Causal De­ci­sion Theory

TagLast edit: 1 Oct 2020 0:13 UTC by Swimmer963

Causal Decision Theory – CDT—is a branch of decision theory which advises an agent to take actions that maximizes the causal consequences on the probability of desired outcomes 1. As any branch of decision theory, it prescribes taking the action that maximizes utility, that which utility equals or exceeds the utility of every other option. The utility of each action is measured by the expected utility, the averaged by probabilities sum of the utility of each of its possible results. How the actions can influence the probabilities differ between the branches. Contrary to Evidential Decision Theory – EDT—CDT focuses on the causal relations between one’s actions and its outcomes, instead of focusing on which actions provide evidences for desired outcomes. According to CDT a rational agent should track the available causal relations linking his actions to the desired outcome and take the action which will better enhance the chances of the desired outcome.

One usual example where EDT and CDT commonly diverge is the Smoking lesion: “Smoking is strongly correlated with lung cancer, but in the world of the Smoker’s Lesion this correlation is understood to be the result of a common cause: a genetic lesion that tends to cause both smoking and cancer. Once we fix the presence or absence of the lesion, there is no additional correlation between smoking and cancer. Suppose you prefer smoking without cancer to not smoking without cancer, and prefer smoking with cancer to not smoking with cancer. Should you smoke?” CDT would recommend smoking since there is no causal connection between smoking and cancer. They are both caused by a gene, but have no causal direct connection with each other. EDT on the other hand would recommend against smoking, since smoking is an evidence for having the mentioned gene and thus should be avoided.

The core aspect of CDT is mathematically represented by the fact it uses probabilities of conditionals in place of conditional probabilities 2. The probability of a conditional is the probability of the whole conditional being true, where the conditional probability is the probability of the consequent given the antecedent. A conditional probability of B given A—P(B|A) -, simply implies the Bayesian probability of the event B happening given we known A happened, it’s used in EDT. The probability of conditionals – P(A > B) - refers to the probability that the conditional ‘A implies B’ is true, it is the probability of the contrafactual ‘If A, then B’ be the case. Since contrafactual analysis is the key tool used to speak about causality, probability of conditionals are said to mirror causal relations. In most cases these two probabilities track each other, and CDT and EDT give the same answers. However, some particular problems have arisen where their predictions for rational action diverge such as the Smoking lesion problem – where CDT seems to give a more reasonable prescription – and Newcomb’s problem – where CDT seems unreasonable. David Lewis proved 3 it’s impossible to probabilities of conditionals to always track conditional probabilities. Hence, evidential relations aren’t the same as causal relations and CDT and EDT will always diverge in some cases.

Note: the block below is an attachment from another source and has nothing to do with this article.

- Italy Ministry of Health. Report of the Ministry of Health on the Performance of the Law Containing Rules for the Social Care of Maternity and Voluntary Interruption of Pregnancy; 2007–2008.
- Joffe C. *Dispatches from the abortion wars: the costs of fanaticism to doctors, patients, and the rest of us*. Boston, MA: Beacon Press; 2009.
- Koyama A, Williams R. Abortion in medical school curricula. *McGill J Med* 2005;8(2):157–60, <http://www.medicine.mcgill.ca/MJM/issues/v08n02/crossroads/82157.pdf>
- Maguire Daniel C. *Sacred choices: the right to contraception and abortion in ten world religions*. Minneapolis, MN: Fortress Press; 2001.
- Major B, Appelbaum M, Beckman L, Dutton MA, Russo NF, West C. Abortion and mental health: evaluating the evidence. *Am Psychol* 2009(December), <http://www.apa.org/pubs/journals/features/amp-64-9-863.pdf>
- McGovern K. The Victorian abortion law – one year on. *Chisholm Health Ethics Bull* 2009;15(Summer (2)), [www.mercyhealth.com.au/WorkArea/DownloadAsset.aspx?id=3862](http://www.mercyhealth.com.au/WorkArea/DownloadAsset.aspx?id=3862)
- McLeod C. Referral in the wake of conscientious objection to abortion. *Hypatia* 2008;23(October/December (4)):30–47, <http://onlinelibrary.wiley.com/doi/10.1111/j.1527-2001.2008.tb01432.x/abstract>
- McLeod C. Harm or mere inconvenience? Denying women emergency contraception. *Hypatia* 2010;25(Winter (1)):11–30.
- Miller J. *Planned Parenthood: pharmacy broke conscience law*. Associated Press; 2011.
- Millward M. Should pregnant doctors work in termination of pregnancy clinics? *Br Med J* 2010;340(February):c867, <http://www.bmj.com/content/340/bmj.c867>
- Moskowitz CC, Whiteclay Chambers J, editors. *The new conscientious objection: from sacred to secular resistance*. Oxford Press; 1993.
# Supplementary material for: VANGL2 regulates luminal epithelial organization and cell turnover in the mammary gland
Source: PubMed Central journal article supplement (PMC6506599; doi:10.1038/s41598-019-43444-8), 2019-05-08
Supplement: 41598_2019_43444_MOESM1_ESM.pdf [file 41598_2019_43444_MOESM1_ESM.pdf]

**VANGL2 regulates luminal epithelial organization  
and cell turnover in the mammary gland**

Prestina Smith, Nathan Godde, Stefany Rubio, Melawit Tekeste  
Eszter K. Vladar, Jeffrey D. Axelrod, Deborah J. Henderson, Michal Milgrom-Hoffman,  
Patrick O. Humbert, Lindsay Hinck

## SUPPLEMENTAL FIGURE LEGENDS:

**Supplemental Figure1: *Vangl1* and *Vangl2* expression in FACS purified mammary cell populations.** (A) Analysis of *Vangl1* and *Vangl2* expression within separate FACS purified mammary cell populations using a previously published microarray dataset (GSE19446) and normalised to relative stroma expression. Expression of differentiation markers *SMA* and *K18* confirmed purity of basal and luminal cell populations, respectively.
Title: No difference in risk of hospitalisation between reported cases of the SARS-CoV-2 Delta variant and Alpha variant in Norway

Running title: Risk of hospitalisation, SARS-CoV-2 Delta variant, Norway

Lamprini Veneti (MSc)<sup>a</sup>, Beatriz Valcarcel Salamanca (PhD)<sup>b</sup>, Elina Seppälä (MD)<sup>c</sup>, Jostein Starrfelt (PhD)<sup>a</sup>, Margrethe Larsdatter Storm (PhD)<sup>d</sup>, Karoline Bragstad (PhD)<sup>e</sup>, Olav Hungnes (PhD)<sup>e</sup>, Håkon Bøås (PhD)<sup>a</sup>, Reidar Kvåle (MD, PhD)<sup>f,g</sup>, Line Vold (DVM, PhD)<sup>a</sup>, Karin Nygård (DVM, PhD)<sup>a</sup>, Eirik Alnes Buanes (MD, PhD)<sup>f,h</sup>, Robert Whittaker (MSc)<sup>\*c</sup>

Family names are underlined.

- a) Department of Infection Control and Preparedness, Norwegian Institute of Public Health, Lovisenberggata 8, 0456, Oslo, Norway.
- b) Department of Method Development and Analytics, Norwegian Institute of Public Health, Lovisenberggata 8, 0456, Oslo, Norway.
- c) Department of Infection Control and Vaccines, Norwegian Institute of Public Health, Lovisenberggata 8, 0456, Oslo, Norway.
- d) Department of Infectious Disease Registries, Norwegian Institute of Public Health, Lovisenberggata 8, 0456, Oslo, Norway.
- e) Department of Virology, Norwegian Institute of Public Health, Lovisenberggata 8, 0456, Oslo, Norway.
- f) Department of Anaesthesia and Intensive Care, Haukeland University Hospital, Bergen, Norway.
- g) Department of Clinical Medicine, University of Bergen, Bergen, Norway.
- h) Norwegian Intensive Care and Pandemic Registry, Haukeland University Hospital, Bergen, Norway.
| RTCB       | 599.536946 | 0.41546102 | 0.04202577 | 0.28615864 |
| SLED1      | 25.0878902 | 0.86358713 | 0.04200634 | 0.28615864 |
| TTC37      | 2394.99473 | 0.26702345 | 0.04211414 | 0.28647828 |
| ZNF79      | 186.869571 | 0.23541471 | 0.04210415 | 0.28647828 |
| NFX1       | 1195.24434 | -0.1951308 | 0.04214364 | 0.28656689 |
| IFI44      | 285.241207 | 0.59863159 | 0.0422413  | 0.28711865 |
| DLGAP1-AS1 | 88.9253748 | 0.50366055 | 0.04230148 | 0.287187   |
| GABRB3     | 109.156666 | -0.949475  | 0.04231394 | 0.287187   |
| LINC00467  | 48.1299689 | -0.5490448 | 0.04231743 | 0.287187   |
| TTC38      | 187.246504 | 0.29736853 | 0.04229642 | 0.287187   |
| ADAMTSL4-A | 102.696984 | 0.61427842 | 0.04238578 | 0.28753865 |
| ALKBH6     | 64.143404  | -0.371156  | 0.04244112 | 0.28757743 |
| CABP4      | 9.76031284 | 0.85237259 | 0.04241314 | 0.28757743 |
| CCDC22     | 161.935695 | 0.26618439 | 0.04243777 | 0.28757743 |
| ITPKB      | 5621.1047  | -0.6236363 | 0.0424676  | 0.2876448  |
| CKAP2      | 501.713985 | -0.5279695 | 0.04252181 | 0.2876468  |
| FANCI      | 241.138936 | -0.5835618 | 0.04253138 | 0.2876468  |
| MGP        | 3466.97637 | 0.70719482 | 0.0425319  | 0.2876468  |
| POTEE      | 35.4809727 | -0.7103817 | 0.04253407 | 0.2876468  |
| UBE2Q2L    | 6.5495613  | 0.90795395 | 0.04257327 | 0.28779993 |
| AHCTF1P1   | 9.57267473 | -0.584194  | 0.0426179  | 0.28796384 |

1. http://​​​​entries/​​decision-causal/​​

  2. Lewis, David. (1981) “Causal Decision Theory,” Australasian Journal of Philosophy 59 (1981): 5- 30.

  3. Lewis, D. (1976), “Probabilities of conditionals and conditional probabilities”, The Philosophical Review (Duke University Press) 85 (3): 297–315

See also

Causal de­ci­sion the­ory is unsatisfactory

So8res13 Sep 2014 17:05 UTC
35 points
162 comments9 min readLW link

Are causal de­ci­sion the­o­rists try­ing to out­smart con­di­tional prob­a­bil­ities?

Caspar4216 May 2017 8:01 UTC
6 points
10 comments3 min readLW link

Build a Causal De­ci­sion Theorist

michaelcohen23 Sep 2019 20:43 UTC
1 point
14 comments4 min readLW link

Func­tional De­ci­sion The­ory vs Causal De­ci­sion The­ory: Ex­pand­ing on New­comb’s Problem

Geropy2 May 2019 22:15 UTC
2 points
7 comments3 min readLW link

New­comb’s Prob­lem: A prob­lem for Causal De­ci­sion Theories

[deleted]16 Aug 2010 11:25 UTC
11 points
121 comments4 min readLW link

Time­less­ness as a Con­ser­va­tive Ex­ten­sion of Causal De­ci­sion Theory

[deleted]28 May 2014 14:57 UTC
25 points
65 comments14 min readLW link

Nat­u­ral­ized in­duc­tion – a challenge for ev­i­den­tial and causal de­ci­sion theory

Caspar4222 Sep 2017 8:15 UTC
13 points
14 comments7 min readLW link

In­vi­ta­tion to com­ment on a draft on mul­ti­verse-wide co­op­er­a­tion via al­ter­na­tives to causal de­ci­sion the­ory (FDT/​UDT/​EDT/​...)

Caspar4229 May 2017 8:34 UTC
6 points
7 comments1 min readLW link

De­ci­sion The­o­ries: A Less Wrong Primer

orthonormal13 Mar 2012 23:31 UTC
97 points
174 comments9 min readLW link

An in­tro­duc­tion to de­ci­sion theory

[deleted]13 Aug 2010 9:09 UTC
25 points
29 comments6 min readLW link

An in­tro­duc­tion to New­comblike problems

So8res20 Sep 2014 18:40 UTC
23 points
5 comments7 min readLW link

[Question] What’s been writ­ten about the na­ture of “son-of-CDT”?

Liam Donovan30 Nov 2019 21:03 UTC
16 points
6 comments1 min readLW link

New­comb’s Prob­lem stan­dard positions

Eliezer Yudkowsky6 Apr 2009 17:05 UTC
7 points
22 comments1 min readLW link
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